The Organisation for Economic Co-operation and Development (OECD) released guidelines on applying Value Added Tax (VAT) and Goods and Services Tax (GST) to international trade transactions.
Officially called the “Recommendation of the Council on the Application of Value Added Tax/Goods and Services Tax to the International Trade in Services and Intangibles,” the guidelines are aimed at addressing issues that arise from the uncoordinated application of national VAT systems in international trade. Specifically, the guidelines include recommended approaches for collecting VAT on cross-border sales of digital products.
The guidelines highlight that VAT is designed to tax final consumption in the jurisdiction where it occurs — that is, according to the destination principle. The guidelines note that implementing that principle for trade in services and intangibles is more difficult than for trade in goods. For services and intangibles, VAT systems must have mechanisms to identify the jurisdiction of consumption. These systems are necessary for business-to-consumer (B2C) and business-to-business (B2B) supplies, which are often different from each other.
For B2B supplies, the place of taxation rules should focus on two factors:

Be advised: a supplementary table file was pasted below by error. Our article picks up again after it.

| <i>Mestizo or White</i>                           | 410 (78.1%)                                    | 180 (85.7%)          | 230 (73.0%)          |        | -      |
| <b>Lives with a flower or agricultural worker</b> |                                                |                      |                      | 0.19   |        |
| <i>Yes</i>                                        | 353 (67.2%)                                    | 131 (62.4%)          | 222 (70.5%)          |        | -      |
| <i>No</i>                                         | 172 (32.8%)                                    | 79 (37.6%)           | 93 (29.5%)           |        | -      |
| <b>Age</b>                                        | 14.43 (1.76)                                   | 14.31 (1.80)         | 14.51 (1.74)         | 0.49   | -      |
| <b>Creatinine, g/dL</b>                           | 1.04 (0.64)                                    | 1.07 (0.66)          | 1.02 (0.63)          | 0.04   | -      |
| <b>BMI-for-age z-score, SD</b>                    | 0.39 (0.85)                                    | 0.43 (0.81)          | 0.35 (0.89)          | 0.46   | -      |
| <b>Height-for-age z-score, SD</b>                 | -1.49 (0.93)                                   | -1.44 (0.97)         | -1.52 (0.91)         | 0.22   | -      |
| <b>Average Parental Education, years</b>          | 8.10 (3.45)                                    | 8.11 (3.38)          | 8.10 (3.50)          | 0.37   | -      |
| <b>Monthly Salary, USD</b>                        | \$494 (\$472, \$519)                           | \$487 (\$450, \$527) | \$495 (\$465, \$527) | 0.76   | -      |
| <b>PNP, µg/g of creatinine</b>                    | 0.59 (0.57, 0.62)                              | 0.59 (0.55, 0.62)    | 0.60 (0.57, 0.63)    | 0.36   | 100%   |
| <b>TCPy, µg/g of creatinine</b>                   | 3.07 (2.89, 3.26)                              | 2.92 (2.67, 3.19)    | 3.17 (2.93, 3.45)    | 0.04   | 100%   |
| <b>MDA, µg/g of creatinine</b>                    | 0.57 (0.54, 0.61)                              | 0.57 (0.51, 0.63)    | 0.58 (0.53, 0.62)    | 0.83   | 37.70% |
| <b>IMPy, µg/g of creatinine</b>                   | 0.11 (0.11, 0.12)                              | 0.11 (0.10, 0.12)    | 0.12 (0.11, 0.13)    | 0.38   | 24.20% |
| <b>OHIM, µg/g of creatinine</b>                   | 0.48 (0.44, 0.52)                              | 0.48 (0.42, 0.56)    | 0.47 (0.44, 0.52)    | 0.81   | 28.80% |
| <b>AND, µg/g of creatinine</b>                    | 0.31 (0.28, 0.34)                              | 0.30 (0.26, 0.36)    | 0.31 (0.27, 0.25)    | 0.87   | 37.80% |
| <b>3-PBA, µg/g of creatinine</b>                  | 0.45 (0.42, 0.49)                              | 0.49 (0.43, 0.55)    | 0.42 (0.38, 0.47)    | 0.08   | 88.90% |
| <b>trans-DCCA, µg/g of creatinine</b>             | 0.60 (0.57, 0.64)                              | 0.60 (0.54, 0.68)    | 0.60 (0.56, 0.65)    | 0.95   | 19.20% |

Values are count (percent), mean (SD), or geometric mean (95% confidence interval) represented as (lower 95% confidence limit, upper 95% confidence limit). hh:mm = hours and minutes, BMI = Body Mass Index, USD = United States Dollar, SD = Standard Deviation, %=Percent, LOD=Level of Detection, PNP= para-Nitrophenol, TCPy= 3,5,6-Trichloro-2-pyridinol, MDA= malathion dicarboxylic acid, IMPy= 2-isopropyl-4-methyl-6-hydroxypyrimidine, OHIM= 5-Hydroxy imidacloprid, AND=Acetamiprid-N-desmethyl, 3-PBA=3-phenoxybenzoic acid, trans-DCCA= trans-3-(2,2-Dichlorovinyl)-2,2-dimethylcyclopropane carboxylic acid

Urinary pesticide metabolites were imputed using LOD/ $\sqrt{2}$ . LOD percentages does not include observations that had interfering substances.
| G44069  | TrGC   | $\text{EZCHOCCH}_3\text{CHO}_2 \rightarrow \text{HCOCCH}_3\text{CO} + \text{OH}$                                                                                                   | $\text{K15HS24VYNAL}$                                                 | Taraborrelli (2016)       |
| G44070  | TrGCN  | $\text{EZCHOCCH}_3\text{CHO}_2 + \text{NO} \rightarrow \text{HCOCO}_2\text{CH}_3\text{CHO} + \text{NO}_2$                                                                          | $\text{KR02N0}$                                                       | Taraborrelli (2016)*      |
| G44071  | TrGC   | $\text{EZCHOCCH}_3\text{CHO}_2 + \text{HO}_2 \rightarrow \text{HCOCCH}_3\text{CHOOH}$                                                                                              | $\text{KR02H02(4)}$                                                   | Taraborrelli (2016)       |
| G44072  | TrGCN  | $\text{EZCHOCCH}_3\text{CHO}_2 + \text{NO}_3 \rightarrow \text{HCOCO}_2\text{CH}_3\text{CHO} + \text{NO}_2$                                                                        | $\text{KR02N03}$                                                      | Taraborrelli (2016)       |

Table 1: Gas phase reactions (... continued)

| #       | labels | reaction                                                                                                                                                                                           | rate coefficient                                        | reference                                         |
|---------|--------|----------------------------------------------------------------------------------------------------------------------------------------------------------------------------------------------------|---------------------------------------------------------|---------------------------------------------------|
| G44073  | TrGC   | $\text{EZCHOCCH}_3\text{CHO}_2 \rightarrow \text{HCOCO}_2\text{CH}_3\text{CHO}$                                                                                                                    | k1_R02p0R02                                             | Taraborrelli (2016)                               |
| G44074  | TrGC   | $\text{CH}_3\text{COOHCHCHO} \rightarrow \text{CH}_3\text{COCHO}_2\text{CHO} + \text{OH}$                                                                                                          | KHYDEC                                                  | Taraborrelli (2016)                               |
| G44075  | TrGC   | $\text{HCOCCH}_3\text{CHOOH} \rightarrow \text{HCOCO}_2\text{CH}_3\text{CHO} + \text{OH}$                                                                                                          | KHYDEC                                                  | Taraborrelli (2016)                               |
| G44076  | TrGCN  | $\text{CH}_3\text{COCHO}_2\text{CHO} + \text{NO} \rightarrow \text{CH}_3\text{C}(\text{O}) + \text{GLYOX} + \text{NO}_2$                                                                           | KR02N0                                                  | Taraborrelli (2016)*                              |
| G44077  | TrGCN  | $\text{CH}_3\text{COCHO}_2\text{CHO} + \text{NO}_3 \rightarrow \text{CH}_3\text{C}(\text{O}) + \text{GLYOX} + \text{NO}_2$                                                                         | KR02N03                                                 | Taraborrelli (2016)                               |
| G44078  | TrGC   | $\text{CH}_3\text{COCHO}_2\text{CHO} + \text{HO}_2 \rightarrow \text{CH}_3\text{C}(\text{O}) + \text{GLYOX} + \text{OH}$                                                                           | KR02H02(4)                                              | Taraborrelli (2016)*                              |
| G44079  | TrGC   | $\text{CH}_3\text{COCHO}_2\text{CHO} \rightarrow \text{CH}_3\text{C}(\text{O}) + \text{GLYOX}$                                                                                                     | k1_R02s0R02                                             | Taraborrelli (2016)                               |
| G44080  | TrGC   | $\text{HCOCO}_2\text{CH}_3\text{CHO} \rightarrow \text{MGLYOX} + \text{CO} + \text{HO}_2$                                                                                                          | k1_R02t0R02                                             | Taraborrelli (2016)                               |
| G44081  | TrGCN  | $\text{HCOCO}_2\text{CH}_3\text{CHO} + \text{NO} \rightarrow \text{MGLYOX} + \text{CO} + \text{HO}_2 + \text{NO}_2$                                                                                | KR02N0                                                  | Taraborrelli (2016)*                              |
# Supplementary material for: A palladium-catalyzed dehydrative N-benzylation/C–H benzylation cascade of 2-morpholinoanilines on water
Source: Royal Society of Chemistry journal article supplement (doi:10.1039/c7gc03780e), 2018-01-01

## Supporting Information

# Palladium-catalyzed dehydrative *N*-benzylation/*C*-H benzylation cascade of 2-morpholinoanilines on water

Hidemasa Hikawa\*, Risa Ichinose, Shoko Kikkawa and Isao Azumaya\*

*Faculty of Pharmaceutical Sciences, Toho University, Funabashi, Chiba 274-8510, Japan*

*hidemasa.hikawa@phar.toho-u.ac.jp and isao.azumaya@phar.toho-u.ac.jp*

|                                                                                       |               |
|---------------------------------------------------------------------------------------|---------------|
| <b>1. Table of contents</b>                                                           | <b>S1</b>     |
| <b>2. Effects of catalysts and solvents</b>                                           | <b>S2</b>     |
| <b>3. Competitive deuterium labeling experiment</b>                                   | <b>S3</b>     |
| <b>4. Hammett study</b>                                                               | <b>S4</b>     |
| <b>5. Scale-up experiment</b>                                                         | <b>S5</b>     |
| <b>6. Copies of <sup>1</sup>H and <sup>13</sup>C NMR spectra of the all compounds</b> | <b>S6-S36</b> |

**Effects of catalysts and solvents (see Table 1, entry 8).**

- Where the business customer will use its purchases to create the goods, services or intangibles that final consumers will acquire, and
- Facilitating the flow-through of the tax burden to the final consumer.
For B2C supplies, the rules are used to predict the place where the final consumer is likely to consume the services or intangibles.
VAT imposes compliance costs and burdens on businesses and administrative costs and burdens on tax authorities. Examples of costs associated with VAT compliance include the following:
- Administration (costs related to employees, collection, and recovery),
- Infrastructure (costs associated with establishing systems and processes, including making software changes), and
- Finance (cash-flow costs and bank guarantees).
According to the guidelines, foreign businesses shouldn’t be disadvantaged or advantaged compared to domestic businesses. Foreign businesses shouldn’t incur irrecoverable VAT if this is considered “unjustified discrimination” compared to domestic businesses.
A number of approaches can be used in this situation, such as direct refunds to foreign businesses, refunds through a domestic registration procedure, or making supplies VAT-free. Consult with your tax professional, who can help you decide how to proceed.